As experienced faculty who also supervise clinical teams with cross-coverage, we agree with these recommendations for the most part. In this commentary, we would like to highlight 2 vital and overlapping areas of cross-coverage pedagogy requiring further exploration. The first addresses the need to integrate consensus perspectives that involve our educational systems and practices with research focused on real-world contexts. The second relates to the need to consider the role of the attending physician in supporting educationally sound cross-coverage.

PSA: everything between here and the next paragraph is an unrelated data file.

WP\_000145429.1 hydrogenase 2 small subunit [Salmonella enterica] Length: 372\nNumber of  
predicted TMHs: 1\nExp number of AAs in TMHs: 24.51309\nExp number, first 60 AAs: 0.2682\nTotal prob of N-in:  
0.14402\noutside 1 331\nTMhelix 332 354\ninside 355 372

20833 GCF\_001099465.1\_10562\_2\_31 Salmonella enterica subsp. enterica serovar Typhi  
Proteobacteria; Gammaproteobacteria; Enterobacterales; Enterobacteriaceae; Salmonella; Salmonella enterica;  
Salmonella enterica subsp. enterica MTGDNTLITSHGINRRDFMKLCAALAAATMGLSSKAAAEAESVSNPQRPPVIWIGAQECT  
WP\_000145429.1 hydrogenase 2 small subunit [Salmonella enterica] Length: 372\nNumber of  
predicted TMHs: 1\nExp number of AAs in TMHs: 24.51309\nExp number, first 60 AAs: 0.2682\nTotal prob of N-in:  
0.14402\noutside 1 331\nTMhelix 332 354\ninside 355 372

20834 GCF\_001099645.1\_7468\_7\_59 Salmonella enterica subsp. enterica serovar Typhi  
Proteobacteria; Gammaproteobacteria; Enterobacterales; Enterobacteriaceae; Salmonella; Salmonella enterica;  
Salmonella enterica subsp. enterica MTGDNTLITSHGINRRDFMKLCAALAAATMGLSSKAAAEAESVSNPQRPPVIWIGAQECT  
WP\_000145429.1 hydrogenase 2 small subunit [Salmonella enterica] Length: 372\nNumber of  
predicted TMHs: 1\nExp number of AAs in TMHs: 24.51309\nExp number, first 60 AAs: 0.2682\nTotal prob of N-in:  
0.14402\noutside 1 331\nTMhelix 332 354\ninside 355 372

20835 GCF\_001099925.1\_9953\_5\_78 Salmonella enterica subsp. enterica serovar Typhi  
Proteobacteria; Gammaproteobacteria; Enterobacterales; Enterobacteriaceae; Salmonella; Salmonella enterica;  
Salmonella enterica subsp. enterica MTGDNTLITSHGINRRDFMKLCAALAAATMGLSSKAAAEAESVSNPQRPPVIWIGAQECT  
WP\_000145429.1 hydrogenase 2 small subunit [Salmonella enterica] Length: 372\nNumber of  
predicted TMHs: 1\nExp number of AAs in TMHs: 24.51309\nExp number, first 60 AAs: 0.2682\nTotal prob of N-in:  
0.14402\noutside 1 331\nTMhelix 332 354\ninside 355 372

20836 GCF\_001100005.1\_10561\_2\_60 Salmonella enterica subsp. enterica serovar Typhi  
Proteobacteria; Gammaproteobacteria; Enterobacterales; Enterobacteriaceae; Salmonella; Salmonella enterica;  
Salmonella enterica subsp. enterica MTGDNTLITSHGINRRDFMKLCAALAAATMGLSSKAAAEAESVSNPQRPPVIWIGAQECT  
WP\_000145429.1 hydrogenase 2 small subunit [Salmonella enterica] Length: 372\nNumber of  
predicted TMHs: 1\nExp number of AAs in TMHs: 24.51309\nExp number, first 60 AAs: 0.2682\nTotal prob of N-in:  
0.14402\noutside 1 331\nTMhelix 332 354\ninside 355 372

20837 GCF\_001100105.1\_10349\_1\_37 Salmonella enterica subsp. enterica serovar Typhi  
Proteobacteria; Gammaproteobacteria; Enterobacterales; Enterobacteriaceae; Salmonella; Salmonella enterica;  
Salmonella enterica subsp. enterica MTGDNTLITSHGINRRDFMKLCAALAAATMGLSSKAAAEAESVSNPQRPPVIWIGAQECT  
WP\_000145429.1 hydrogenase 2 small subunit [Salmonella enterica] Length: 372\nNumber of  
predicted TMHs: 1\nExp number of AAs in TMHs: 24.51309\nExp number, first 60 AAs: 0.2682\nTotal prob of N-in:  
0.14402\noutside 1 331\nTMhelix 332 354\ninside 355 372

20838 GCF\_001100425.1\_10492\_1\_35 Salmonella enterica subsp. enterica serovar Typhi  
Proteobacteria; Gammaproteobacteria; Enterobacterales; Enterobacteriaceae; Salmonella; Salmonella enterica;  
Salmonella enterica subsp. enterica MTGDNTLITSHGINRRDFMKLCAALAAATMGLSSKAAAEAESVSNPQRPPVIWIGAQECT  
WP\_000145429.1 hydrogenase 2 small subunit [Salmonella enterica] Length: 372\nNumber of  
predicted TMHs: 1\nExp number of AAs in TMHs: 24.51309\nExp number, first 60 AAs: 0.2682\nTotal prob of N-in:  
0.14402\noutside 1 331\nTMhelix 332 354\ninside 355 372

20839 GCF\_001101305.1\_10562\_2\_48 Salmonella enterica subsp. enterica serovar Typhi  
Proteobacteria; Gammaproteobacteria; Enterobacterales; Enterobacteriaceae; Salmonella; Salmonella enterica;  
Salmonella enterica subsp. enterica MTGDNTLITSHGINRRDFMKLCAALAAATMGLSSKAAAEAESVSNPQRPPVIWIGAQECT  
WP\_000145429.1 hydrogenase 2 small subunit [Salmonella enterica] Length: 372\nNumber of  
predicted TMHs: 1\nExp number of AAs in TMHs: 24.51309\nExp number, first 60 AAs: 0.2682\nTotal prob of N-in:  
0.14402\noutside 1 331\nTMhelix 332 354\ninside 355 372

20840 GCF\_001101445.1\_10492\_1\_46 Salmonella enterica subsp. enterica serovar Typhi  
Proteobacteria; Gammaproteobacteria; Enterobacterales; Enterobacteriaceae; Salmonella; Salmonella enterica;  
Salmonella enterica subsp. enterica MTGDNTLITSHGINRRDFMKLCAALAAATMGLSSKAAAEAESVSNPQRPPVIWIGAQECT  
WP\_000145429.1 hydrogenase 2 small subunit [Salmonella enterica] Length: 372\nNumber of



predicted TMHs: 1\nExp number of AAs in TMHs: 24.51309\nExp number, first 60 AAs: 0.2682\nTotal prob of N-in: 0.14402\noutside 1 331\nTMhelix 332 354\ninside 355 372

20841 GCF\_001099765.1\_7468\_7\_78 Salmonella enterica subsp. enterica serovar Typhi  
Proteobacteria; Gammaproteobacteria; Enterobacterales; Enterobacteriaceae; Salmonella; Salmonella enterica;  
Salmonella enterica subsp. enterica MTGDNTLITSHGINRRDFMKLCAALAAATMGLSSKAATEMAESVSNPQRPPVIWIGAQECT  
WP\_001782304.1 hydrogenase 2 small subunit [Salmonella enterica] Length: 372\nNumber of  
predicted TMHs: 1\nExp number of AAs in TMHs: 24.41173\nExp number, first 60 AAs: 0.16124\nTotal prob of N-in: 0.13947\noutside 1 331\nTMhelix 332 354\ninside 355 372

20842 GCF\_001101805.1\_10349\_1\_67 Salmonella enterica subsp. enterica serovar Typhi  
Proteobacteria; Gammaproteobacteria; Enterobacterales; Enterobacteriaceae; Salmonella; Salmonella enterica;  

Agreeing on what should happen during cross-coverage, as studied by Heidemann and colleagues, is a great start. But, as the Rolling Stones so aptly put it, “you can't always get what you want.” While 100% of Delphi participants agreed that residents should evaluate a patient at the bedside when asked to do so by a nurse, this statement fails to take into account the realities of practice. During an on-call period, residents often have multiple competing responsibilities, such as seeing a new consult in the emergency room and being called to the floor to assess a patient.3  Deciding if both assessments are possible, which one takes precedence, and how to triage the competing responsibilities requires judgment and negotiation rather than simple “rule following.” How residents handle such tensions warrants further study to ensure that we are adequately supporting resident development while attending to patient safety.